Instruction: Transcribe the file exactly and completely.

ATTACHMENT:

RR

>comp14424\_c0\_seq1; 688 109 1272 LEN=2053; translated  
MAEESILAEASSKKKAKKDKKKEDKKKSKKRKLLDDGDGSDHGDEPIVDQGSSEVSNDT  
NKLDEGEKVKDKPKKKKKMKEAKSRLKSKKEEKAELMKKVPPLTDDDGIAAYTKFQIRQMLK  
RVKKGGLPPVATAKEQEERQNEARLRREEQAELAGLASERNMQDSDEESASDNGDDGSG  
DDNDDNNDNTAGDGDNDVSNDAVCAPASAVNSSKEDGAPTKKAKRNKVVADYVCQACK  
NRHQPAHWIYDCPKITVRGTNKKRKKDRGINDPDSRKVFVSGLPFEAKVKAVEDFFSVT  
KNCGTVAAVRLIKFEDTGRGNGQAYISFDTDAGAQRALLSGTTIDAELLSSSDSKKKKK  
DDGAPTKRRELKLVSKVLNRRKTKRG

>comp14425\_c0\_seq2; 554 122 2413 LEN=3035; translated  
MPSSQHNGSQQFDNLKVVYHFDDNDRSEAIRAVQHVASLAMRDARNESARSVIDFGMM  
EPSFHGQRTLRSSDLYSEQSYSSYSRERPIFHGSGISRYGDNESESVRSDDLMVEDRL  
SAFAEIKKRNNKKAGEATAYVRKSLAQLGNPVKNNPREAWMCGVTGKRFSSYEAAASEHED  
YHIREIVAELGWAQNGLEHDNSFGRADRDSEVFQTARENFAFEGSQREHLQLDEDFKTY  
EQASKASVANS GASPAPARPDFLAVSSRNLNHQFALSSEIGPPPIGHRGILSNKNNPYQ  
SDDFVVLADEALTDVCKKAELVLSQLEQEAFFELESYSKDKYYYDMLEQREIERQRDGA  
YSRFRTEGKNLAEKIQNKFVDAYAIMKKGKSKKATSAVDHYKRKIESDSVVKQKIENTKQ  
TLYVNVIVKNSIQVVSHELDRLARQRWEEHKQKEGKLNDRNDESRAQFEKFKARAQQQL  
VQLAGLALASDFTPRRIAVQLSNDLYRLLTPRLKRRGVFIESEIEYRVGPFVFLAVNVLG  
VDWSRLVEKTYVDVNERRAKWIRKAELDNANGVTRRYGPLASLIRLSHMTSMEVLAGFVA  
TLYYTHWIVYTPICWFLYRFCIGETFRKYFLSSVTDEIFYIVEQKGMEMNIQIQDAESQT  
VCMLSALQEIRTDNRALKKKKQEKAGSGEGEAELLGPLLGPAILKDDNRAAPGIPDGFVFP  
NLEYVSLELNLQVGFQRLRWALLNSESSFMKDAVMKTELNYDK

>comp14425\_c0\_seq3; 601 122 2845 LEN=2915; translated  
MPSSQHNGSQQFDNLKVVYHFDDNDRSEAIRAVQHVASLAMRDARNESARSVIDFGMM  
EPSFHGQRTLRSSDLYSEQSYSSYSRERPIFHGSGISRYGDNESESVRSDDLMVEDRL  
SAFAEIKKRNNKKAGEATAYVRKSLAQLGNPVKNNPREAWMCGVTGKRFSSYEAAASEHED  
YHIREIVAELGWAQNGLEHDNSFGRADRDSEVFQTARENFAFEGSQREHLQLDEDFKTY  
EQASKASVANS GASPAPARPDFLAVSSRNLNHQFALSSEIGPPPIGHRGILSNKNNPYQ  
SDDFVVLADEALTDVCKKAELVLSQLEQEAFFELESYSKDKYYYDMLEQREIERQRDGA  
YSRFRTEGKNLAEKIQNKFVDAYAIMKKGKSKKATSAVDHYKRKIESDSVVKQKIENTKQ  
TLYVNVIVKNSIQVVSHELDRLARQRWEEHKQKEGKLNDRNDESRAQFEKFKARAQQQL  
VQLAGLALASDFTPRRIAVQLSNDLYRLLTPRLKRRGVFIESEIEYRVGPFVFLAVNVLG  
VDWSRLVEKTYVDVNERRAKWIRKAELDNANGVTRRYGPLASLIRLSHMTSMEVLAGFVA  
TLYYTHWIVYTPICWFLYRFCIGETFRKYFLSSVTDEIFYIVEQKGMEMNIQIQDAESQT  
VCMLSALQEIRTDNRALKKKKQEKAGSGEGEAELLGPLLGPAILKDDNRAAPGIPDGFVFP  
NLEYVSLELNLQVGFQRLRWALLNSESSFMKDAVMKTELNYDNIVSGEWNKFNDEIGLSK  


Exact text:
RR

>comp14424\_c0\_seq1; 688 109 1272 LEN=2053; translated  
MAEESILAEASSKKKAKKDKKKEDKKKSKKRKLLDDGDGSDHGDEPIVDQGSSEVSNDT  
NKLDEGEKVKDKPKKKKKMKEAKSRLKSKKEEKAELMKKVPPLTDDDGIAAYTKFQIRQMLK  
RVKKGGLPPVATAKEQEERQNEARLRREEQAELAGLASERNMQDSDEESASDNGDDGSG  
DDNDDNNDNTAGDGDNDVSNDAVCAPASAVNSSKEDGAPTKKAKRNKVVADYVCQACK  
NRHQPAHWIYDCPKITVRGTNKKRKKDRGINDPDSRKVFVSGLPFEAKVKAVEDFFSVT  
KNCGTVAAVRLIKFEDTGRGNGQAYISFDTDAGAQRALLSGTTIDAELLSSSDSKKKKK  
DDGAPTKRRELKLVSKVLNRRKTKRG

>comp14425\_c0\_seq2; 554 122 2413 LEN=3035; translated  
MPSSQHNGSQQFDNLKVVYHFDDNDRSEAIRAVQHVASLAMRDARNESARSVIDFGMM  
EPSFHGQRTLRSSDLYSEQSYSSYSRERPIFHGSGISRYGDNESESVRSDDLMVEDRL  
SAFAEIKKRNNKKAGEATAYVRKSLAQLGNPVKNNPREAWMCGVTGKRFSSYEAAASEHED  
YHIREIVAELGWAQNGLEHDNSFGRADRDSEVFQTARENFAFEGSQREHLQLDEDFKTY  
EQASKASVANS GASPAPARPDFLAVSSRNLNHQFALSSEIGPPPIGHRGILSNKNNPYQ  
SDDFVVLADEALTDVCKKAELVLSQLEQEAFFELESYSKDKYYYDMLEQREIERQRDGA  
YSRFRTEGKNLAEKIQNKFVDAYAIMKKGKSKKATSAVDHYKRKIESDSVVKQKIENTKQ  
TLYVNVIVKNSIQVVSHELDRLARQRWEEHKQKEGKLNDRNDESRAQFEKFKARAQQQL  
VQLAGLALASDFTPRRIAVQLSNDLYRLLTPRLKRRGVFIESEIEYRVGPFVFLAVNVLG  
VDWSRLVEKTYVDVNERRAKWIRKAELDNANGVTRRYGPLASLIRLSHMTSMEVLAGFVA  
TLYYTHWIVYTPICWFLYRFCIGETFRKYFLSSVTDEIFYIVEQKGMEMNIQIQDAESQT  
VCMLSALQEIRTDNRALKKKKQEKAGSGEGEAELLGPLLGPAILKDDNRAAPGIPDGFVFP  
NLEYVSLELNLQVGFQRLRWALLNSESSFMKDAVMKTELNYDK

>comp14425\_c0\_seq3; 601 122 2845 LEN=2915; translated  
MPSSQHNGSQQFDNLKVVYHFDDNDRSEAIRAVQHVASLAMRDARNESARSVIDFGMM  
EPSFHGQRTLRSSDLYSEQSYSSYSRERPIFHGSGISRYGDNESESVRSDDLMVEDRL  
SAFAEIKKRNNKKAGEATAYVRKSLAQLGNPVKNNPREAWMCGVTGKRFSSYEAAASEHED  
YHIREIVAELGWAQNGLEHDNSFGRADRDSEVFQTARENFAFEGSQREHLQLDEDFKTY  
EQASKASVANS GASPAPARPDFLAVSSRNLNHQFALSSEIGPPPIGHRGILSNKNNPYQ  
SDDFVVLADEALTDVCKKAELVLSQLEQEAFFELESYSKDKYYYDMLEQREIERQRDGA  
YSRFRTEGKNLAEKIQNKFVDAYAIMKKGKSKKATSAVDHYKRKIESDSVVKQKIENTKQ  
TLYVNVIVKNSIQVVSHELDRLARQRWEEHKQKEGKLNDRNDESRAQFEKFKARAQQQL  
VQLAGLALASDFTPRRIAVQLSNDLYRLLTPRLKRRGVFIESEIEYRVGPFVFLAVNVLG  
VDWSRLVEKTYVDVNERRAKWIRKAELDNANGVTRRYGPLASLIRLSHMTSMEVLAGFVA  
TLYYTHWIVYTPICWFLYRFCIGETFRKYFLSSVTDEIFYIVEQKGMEMNIQIQDAESQT  
VCMLSALQEIRTDNRALKKKKQEKAGSGEGEAELLGPLLGPAILKDDNRAAPGIPDGFVFP  
NLEYVSLELNLQVGFQRLRWALLNSESSFMKDAVMKTELNYDNIVSGEWNKFNDEIGLSK  